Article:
# Explaining explainable AI: understanding SHAP

Posted on Fri 27 December 2019 in posts

# Explaining explainable AI: understanding SHAP¶

Explainable artificial intelligence (XAI, a.k.a interpretable machine learning) is a thing those days. The goal of XAI is to provide explanations for machine learning models predictions, such that humans can understand the reasons that lead to those predictions.

It is important to know the reasons behind an algorithm's predictions in a variety of contexts:

- when you have to explain to a bank customer why his loan was refused by an algorithm,
- when you use your machine learning model as an advisor for critical decisions (e.g. in medicine),
- when law requires you to be able to explain your model's predictions (like GDPR's "right to explanation"),
- or when you want to check that your model has learned sound patterns and thus won't overfit the very day you'll release it in production.

While some machine learning models are easily interpretable by nature, like the simple decision tree, the best perfoming ones are usually harder to fathom for a human being. Indeed, the winning solutions on the leading machine learning competitions website Kaggle always involve ensemble (e.g. gradient boosting model, random forest, ...) and deep learning models. Those two families of models produce predictions that are hard to interpret for humans. More generally, in most machine learning modelling situations there is a tradeoff between interpretability and performance.

A method named SHAP has made a lot of noise since its publication in 2017. At the time LIME was the rockstar of model interpretation methods. While the LIME original paper is fairly easy to understand and well explained by many blog articles, I haven't found a "SHAP for dummies" blog article with toy examples that demistifies this complex research paper succintly. Thus I've rolled up my sleeves, studied the article, and I'll try to share the essence of it with simple explanations in this article.

## Why do we need another interpretation method?¶

Let's use a motivating example for the remainder of this article. Imagine you own a motorbike rental shop and try to understand the influence of advertising on your number of daily rentals. Your goal is to pay for ads only when it has an important leverage. You carefully keep track of the target variable (number of rentals) and three binary predictors: whether you paid to display your ad, if it was a weekday, and whether it was raining this day or not. Here is the dataset you've collected after a while:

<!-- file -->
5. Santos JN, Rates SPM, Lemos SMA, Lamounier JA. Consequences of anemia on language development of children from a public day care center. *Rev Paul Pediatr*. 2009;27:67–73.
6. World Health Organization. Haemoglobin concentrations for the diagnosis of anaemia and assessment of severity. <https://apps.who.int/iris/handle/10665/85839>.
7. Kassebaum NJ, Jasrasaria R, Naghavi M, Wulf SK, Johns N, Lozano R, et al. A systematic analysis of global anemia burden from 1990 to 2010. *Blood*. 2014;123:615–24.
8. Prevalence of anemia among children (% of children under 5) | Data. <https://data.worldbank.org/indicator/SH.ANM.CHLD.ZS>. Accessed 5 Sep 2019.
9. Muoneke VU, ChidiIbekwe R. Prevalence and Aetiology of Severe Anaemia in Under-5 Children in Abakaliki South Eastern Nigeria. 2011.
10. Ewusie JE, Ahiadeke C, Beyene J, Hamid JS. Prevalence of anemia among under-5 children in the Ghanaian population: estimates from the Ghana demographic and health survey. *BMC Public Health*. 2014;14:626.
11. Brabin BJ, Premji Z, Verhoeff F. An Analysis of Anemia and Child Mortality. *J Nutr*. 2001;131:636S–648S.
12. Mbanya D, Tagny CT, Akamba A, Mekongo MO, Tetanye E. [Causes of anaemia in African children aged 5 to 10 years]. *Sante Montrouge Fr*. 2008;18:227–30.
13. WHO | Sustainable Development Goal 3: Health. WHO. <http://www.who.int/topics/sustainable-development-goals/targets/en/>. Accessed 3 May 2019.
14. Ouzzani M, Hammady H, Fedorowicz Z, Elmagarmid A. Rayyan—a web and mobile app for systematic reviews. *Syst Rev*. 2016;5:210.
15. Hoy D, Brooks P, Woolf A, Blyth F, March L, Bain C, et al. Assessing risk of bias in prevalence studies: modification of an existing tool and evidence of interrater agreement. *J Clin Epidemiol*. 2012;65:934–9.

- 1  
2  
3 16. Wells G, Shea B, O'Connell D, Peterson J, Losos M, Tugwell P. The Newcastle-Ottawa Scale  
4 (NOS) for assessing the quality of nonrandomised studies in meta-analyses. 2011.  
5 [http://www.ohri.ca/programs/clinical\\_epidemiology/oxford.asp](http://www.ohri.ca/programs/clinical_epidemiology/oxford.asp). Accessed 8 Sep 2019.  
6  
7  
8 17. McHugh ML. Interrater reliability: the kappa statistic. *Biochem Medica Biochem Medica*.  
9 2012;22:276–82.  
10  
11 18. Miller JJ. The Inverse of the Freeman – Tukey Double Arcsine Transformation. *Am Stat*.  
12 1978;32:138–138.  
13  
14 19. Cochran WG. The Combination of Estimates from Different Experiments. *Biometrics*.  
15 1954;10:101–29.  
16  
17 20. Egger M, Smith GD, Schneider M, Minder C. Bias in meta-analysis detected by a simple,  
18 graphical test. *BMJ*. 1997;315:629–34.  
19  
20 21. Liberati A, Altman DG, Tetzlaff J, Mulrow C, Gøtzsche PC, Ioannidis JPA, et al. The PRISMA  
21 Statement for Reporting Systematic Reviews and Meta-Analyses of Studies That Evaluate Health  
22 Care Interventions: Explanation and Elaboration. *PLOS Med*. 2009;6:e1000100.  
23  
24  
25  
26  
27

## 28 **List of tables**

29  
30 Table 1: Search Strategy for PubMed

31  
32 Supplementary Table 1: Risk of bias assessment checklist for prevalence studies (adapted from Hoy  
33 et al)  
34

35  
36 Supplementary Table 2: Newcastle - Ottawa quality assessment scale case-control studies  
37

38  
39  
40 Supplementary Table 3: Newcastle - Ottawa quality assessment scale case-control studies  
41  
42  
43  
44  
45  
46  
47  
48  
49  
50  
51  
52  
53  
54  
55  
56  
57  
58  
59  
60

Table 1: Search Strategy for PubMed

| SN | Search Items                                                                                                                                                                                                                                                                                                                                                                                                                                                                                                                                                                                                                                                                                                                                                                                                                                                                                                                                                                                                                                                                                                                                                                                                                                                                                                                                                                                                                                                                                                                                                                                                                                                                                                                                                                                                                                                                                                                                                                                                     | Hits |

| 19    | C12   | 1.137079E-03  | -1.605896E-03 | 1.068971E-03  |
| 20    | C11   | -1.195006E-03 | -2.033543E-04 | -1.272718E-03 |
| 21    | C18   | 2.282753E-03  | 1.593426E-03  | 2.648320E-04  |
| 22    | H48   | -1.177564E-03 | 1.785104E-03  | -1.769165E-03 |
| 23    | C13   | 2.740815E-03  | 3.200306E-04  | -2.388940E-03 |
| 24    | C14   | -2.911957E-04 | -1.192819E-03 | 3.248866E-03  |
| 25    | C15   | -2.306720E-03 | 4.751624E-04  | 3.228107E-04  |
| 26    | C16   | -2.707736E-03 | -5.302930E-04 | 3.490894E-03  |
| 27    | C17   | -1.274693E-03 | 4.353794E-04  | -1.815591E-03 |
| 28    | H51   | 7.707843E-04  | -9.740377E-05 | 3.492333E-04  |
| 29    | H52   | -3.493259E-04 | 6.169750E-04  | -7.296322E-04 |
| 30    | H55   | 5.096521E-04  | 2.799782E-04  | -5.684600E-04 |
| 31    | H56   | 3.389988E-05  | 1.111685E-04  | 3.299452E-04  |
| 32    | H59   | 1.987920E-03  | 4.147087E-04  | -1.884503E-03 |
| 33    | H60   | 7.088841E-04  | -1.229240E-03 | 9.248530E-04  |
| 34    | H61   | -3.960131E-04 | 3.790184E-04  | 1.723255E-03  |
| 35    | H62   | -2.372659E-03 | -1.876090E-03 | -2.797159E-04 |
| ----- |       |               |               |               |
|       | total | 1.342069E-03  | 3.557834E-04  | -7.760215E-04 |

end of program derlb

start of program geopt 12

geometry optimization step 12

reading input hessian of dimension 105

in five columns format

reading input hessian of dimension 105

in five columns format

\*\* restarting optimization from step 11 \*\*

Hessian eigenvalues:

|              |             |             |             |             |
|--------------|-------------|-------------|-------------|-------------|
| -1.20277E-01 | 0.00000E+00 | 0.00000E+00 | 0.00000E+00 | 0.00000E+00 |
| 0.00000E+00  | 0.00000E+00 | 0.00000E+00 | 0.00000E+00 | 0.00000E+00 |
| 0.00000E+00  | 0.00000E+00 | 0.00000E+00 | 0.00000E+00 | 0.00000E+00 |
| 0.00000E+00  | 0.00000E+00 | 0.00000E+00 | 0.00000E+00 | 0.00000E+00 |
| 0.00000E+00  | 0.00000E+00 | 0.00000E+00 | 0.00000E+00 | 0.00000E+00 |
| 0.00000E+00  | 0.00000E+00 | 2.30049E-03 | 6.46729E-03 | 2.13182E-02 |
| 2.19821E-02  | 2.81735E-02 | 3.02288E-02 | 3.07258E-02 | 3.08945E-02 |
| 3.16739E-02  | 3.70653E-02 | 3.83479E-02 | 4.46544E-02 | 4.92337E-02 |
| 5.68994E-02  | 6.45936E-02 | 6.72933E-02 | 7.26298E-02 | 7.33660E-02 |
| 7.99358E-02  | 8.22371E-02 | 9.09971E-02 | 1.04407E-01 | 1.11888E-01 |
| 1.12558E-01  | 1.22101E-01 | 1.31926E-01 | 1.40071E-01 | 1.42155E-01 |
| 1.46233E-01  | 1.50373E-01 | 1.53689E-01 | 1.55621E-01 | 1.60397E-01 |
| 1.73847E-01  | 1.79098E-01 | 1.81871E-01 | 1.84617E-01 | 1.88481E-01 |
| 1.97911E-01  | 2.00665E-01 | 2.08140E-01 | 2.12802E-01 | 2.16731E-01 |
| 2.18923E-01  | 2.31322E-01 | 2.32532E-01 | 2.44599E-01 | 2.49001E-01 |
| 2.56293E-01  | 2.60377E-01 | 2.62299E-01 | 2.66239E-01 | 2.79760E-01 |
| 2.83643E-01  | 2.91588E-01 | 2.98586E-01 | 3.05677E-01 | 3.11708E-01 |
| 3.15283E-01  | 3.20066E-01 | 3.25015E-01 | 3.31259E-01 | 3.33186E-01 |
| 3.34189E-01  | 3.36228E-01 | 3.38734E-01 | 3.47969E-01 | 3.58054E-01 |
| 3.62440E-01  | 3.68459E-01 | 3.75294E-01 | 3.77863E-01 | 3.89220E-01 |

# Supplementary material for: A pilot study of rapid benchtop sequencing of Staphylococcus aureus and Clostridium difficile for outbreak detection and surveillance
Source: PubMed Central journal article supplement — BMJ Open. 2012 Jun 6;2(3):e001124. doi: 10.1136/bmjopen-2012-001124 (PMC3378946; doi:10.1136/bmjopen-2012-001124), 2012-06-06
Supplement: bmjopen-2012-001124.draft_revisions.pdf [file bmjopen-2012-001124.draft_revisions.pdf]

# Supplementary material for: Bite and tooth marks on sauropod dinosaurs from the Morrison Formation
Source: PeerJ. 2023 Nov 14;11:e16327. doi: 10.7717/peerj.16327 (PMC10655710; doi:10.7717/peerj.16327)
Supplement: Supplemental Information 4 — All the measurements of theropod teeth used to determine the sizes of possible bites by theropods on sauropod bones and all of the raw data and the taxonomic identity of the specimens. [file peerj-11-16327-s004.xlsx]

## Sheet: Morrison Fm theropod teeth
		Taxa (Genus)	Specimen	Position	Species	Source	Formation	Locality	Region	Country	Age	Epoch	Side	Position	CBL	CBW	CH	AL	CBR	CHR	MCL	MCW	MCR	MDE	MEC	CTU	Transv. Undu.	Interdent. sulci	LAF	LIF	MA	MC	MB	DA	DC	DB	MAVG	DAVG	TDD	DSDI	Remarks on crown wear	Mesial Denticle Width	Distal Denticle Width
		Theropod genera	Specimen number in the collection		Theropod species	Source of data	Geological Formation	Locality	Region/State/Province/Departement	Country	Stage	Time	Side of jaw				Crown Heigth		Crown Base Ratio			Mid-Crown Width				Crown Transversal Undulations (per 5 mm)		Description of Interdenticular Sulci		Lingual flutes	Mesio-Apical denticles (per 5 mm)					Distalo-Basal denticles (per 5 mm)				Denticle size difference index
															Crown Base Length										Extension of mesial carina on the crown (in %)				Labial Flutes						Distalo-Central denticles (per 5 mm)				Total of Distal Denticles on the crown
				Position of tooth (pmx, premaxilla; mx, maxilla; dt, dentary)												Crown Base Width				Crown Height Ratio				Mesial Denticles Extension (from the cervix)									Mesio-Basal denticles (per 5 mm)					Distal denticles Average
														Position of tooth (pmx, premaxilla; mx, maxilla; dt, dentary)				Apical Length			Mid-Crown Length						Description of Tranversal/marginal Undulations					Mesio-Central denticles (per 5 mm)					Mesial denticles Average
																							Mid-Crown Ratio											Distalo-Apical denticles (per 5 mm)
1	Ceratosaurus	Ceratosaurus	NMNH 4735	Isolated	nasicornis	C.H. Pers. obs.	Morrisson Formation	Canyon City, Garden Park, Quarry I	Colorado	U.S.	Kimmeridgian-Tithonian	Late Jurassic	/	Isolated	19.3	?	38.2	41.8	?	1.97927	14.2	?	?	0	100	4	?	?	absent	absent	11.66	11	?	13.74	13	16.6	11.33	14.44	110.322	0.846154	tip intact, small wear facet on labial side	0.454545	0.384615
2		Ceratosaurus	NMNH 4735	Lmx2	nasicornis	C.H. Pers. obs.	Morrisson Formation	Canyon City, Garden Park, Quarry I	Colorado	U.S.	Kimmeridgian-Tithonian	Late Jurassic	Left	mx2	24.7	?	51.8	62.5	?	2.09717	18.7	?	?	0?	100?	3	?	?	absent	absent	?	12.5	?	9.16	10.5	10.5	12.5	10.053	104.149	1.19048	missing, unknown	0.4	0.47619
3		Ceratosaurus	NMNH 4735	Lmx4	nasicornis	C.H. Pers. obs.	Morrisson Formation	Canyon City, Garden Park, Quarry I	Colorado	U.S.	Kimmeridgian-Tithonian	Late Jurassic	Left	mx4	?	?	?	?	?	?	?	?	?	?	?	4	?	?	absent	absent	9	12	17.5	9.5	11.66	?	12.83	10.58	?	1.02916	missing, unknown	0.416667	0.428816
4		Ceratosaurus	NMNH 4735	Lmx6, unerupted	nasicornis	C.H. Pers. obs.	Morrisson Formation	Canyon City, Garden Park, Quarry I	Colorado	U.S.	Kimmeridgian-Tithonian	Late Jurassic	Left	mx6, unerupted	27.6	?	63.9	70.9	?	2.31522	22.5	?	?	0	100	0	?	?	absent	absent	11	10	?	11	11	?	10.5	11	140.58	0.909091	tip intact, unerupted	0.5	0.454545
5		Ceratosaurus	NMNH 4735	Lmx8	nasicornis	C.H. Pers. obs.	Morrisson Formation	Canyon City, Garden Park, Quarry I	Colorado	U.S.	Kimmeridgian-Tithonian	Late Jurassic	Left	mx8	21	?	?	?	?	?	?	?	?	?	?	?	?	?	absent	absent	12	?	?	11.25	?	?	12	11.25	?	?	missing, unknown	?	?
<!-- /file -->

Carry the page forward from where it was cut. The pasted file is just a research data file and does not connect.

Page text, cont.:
Rentals | Ad? | Weekday? | Rain? |
---|---|---|---|

10 | 1 | 1 | 1 |

8 | 0 | 1 | 0 |

20 | 1 | 0 | 0 |

12 | 0 | 1 | 0 |

... | ... | ... | ... |

You've trained a fairly accurate machine learning model that predicts the number of rentals based on your three variables.

How to know how effective was the ad on a specific day?

### Naive approach (and why it is bad)¶

If you want to understand the impact of adverstisement for your first example, you may simply compare the number of rentals predicted by your model with and without advertisment, i.e. compute the importance $\phi_a$ of the advertisement variable with the following formula:

$$ \phi_a = f \left(x_a=1, x_w=1, x_r=1\right) - f \left(x_a=0, x_w=1, x_r=1\right), $$where $f$ is your machine learning model, and $x_a$, $x_w$, and $x_r$ are the Ad?, Weekday?, and Rain? variables respectively.

There are several problems with this approach:

- The virtual datapoint that we use to compare our prediction $\left(x_a=0, x_w=1, x_r=1\right)$ might not be realistic regarding the data generation process. In that case the model knows nothing about those datapoints and the prediction can be completely random. Note that SHAP - and most approaches in interpretable ML - do not completely solve this problem.
- This naive approach is bad at distributing importance among features when there are correlations. For instance if we add a "Schoolday" variable that is perfectly correlated with weekday (if we ignore holidays), the machine learning model might use only one of those two variable for its prediction. Still, we want to distribute the importance equally between those two correlated features!
- There are several more desirable properties of explanation methods that are broken by this approach, as we'll see in the rest of this article.